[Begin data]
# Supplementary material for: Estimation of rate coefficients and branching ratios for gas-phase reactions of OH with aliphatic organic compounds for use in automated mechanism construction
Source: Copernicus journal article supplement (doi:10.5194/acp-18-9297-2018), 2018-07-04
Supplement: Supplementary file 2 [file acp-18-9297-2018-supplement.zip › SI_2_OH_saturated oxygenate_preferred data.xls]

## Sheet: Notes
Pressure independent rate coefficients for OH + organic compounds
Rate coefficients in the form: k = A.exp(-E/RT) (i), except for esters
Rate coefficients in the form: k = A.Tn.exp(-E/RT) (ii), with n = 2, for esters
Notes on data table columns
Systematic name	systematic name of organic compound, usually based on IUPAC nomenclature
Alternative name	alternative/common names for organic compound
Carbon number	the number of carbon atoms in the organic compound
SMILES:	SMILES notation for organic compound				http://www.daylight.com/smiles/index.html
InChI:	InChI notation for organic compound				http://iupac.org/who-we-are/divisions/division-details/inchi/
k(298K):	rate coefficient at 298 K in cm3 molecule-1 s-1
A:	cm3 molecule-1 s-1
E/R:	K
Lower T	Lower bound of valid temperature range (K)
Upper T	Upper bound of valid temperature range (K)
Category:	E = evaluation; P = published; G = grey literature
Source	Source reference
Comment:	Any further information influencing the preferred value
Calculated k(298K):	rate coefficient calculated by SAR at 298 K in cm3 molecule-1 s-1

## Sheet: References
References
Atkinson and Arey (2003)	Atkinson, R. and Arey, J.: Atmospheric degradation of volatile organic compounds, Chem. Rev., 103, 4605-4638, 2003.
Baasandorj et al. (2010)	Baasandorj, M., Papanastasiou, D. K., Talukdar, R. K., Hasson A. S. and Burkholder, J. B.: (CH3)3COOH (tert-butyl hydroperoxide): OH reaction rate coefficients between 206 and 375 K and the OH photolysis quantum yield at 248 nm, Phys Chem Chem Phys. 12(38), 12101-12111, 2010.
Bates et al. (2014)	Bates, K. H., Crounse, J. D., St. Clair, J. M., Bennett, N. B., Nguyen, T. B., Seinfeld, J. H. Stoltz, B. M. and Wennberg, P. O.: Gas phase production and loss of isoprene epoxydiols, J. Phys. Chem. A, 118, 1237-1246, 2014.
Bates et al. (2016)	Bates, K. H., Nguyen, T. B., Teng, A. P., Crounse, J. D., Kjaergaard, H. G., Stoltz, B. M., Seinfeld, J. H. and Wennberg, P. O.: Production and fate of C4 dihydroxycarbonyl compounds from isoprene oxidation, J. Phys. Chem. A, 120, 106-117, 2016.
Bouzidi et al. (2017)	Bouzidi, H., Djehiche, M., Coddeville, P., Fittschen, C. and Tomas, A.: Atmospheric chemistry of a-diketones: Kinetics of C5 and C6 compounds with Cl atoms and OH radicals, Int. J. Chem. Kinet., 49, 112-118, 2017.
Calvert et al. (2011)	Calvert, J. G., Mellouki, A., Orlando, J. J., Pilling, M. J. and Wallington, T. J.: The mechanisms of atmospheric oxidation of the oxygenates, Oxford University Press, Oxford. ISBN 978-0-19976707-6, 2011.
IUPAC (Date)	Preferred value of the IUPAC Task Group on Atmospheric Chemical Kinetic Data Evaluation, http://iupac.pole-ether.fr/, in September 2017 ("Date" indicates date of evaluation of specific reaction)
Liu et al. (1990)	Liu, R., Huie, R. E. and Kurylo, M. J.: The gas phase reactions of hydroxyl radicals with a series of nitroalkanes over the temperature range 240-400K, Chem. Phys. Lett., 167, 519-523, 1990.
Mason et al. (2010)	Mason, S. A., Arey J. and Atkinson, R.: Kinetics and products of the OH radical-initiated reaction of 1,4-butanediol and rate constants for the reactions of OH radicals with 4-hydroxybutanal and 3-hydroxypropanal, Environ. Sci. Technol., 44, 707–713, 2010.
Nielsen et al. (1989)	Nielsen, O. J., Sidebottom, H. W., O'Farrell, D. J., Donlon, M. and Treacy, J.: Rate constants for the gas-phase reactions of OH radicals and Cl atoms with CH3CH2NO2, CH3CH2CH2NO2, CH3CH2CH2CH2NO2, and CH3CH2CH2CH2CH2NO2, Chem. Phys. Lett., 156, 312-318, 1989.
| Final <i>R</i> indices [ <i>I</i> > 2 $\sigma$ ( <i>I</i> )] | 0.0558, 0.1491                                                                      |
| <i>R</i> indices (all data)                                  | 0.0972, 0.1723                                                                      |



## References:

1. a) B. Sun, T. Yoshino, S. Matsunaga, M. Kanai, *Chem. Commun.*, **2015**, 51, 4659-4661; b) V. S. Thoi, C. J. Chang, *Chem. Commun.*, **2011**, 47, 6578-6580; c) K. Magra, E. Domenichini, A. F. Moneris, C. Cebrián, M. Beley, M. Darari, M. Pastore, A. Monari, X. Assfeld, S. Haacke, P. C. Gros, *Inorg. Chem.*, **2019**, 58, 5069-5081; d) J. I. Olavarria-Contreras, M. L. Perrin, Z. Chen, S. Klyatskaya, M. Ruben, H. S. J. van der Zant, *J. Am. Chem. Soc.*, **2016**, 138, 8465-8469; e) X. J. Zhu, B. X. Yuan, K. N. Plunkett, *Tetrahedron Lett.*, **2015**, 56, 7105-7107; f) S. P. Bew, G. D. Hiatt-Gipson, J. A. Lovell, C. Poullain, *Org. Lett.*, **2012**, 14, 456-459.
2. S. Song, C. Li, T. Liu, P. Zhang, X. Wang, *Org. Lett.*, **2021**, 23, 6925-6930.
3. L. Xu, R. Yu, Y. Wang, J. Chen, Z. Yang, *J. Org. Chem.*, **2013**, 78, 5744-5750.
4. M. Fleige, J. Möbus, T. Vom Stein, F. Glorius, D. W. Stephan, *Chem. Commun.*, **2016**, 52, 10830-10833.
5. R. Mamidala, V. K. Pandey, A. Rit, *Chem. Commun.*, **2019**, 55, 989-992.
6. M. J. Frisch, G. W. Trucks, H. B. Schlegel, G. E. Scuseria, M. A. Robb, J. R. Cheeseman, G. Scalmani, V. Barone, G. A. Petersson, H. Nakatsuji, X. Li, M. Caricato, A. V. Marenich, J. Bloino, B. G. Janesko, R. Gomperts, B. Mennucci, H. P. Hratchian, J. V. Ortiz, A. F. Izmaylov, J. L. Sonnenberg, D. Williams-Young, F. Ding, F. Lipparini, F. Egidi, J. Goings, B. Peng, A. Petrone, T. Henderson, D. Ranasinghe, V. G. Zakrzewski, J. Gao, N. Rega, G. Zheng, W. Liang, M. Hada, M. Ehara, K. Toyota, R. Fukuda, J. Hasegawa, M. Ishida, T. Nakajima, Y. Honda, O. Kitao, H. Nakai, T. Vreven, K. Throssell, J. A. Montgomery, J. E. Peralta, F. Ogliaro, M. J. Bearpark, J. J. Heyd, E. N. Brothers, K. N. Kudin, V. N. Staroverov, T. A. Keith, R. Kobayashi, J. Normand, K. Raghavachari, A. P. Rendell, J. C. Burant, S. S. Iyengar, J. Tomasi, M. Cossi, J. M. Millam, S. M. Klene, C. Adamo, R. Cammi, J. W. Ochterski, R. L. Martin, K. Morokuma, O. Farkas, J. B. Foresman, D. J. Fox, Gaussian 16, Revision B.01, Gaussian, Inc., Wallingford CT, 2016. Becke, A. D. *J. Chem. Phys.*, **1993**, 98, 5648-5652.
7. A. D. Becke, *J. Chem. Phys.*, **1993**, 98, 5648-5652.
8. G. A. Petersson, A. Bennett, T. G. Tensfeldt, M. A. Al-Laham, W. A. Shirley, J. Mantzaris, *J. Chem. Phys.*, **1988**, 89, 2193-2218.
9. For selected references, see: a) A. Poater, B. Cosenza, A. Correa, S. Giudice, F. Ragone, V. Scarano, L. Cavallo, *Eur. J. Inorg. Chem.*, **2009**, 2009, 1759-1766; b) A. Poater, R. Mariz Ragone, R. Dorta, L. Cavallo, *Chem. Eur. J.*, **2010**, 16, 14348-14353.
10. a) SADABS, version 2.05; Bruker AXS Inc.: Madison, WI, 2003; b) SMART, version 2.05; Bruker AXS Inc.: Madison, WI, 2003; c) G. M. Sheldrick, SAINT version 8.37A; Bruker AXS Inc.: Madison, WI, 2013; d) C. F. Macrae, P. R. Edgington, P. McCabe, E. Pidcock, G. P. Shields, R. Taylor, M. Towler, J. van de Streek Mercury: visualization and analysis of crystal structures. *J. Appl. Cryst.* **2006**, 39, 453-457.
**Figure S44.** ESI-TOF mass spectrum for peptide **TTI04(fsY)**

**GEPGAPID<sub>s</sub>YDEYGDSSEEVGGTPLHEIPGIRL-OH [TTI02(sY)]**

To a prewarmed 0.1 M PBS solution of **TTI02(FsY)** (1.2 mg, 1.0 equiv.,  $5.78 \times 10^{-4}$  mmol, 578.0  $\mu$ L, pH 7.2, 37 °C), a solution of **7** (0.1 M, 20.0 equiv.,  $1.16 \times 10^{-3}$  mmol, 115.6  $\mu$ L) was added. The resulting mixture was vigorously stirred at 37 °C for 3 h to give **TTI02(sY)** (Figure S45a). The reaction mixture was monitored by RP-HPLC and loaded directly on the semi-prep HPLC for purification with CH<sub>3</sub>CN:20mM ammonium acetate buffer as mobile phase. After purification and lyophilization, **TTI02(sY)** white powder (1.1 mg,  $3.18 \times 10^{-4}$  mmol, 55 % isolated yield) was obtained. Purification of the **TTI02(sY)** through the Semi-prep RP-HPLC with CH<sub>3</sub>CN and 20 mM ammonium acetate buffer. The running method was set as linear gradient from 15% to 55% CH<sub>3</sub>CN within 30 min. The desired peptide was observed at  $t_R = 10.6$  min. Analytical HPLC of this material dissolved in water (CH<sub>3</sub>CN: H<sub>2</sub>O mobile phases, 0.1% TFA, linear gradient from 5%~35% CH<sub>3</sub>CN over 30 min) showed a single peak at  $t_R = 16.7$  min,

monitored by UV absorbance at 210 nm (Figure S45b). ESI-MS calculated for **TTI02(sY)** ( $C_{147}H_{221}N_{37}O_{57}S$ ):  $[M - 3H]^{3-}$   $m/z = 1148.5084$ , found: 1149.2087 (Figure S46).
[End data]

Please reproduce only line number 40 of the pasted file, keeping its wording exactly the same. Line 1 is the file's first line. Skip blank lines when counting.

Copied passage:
3. L. Xu, R. Yu, Y. Wang, J. Chen, Z. Yang, *J. Org. Chem.*, **2013**, 78, 5744-5750.